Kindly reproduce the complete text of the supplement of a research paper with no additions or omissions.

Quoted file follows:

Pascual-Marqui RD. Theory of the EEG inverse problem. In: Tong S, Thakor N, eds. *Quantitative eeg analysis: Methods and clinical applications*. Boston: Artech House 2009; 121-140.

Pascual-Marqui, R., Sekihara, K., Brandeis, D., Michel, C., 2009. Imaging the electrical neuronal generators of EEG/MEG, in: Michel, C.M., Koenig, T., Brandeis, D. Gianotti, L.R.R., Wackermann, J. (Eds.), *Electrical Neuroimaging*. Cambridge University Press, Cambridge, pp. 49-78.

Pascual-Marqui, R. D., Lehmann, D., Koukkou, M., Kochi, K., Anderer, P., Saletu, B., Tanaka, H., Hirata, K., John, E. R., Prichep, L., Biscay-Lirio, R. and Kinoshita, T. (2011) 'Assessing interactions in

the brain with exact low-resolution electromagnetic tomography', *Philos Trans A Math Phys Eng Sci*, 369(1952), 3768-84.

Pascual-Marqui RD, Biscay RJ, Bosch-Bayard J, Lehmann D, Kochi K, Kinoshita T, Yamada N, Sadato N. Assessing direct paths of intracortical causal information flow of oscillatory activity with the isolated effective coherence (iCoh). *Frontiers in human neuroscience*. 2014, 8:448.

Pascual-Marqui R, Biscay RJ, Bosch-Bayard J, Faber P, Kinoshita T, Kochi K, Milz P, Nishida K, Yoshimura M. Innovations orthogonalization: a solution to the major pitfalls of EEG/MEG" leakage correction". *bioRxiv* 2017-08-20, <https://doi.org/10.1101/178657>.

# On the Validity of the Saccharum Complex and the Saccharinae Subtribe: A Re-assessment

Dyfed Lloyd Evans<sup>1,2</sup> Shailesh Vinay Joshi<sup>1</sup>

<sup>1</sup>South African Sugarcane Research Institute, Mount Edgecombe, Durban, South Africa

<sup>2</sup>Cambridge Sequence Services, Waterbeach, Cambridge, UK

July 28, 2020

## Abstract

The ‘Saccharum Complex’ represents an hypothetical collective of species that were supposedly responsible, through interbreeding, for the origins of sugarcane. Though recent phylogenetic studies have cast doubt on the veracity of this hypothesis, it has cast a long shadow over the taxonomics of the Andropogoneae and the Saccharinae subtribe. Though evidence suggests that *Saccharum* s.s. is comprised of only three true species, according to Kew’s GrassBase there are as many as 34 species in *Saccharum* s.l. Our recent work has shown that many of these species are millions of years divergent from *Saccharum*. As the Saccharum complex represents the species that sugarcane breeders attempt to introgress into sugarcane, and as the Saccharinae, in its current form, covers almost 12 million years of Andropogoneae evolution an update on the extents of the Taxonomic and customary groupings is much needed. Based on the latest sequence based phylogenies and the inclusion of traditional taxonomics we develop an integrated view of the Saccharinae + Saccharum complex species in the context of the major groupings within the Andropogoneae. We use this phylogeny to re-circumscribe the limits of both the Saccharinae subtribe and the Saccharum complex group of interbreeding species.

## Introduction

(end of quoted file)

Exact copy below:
Pascual-Marqui RD. Theory of the EEG inverse problem. In: Tong S, Thakor N, eds. *Quantitative eeg analysis: Methods and clinical applications*. Boston: Artech House 2009; 121-140.

Pascual-Marqui, R., Sekihara, K., Brandeis, D., Michel, C., 2009. Imaging the electrical neuronal generators of EEG/MEG, in: Michel, C.M., Koenig, T., Brandeis, D. Gianotti, L.R.R., Wackermann, J. (Eds.), *Electrical Neuroimaging*. Cambridge University Press, Cambridge, pp. 49-78.

Pascual-Marqui, R. D., Lehmann, D., Koukkou, M., Kochi, K., Anderer, P., Saletu, B., Tanaka, H., Hirata, K., John, E. R., Prichep, L., Biscay-Lirio, R. and Kinoshita, T. (2011) 'Assessing interactions in

the brain with exact low-resolution electromagnetic tomography', *Philos Trans A Math Phys Eng Sci*, 369(1952), 3768-84.

Pascual-Marqui RD, Biscay RJ, Bosch-Bayard J, Lehmann D, Kochi K, Kinoshita T, Yamada N, Sadato N. Assessing direct paths of intracortical causal information flow of oscillatory activity with the isolated effective coherence (iCoh). *Frontiers in human neuroscience*. 2014, 8:448.

Pascual-Marqui R, Biscay RJ, Bosch-Bayard J, Faber P, Kinoshita T, Kochi K, Milz P, Nishida K, Yoshimura M. Innovations orthogonalization: a solution to the major pitfalls of EEG/MEG" leakage correction". *bioRxiv* 2017-08-20, <https://doi.org/10.1101/178657>.

# On the Validity of the Saccharum Complex and the Saccharinae Subtribe: A Re-assessment

Dyfed Lloyd Evans<sup>1,2</sup> Shailesh Vinay Joshi<sup>1</sup>

<sup>1</sup>South African Sugarcane Research Institute, Mount Edgecombe, Durban, South Africa

<sup>2</sup>Cambridge Sequence Services, Waterbeach, Cambridge, UK

July 28, 2020

## Abstract

The ‘Saccharum Complex’ represents an hypothetical collective of species that were supposedly responsible, through interbreeding, for the origins of sugarcane. Though recent phylogenetic studies have cast doubt on the veracity of this hypothesis, it has cast a long shadow over the taxonomics of the Andropogoneae and the Saccharinae subtribe. Though evidence suggests that *Saccharum* s.s. is comprised of only three true species, according to Kew’s GrassBase there are as many as 34 species in *Saccharum* s.l. Our recent work has shown that many of these species are millions of years divergent from *Saccharum*. As the Saccharum complex represents the species that sugarcane breeders attempt to introgress into sugarcane, and as the Saccharinae, in its current form, covers almost 12 million years of Andropogoneae evolution an update on the extents of the Taxonomic and customary groupings is much needed. Based on the latest sequence based phylogenies and the inclusion of traditional taxonomics we develop an integrated view of the Saccharinae + Saccharum complex species in the context of the major groupings within the Andropogoneae. We use this phylogeny to re-circumscribe the limits of both the Saccharinae subtribe and the Saccharum complex group of interbreeding species.

## Introduction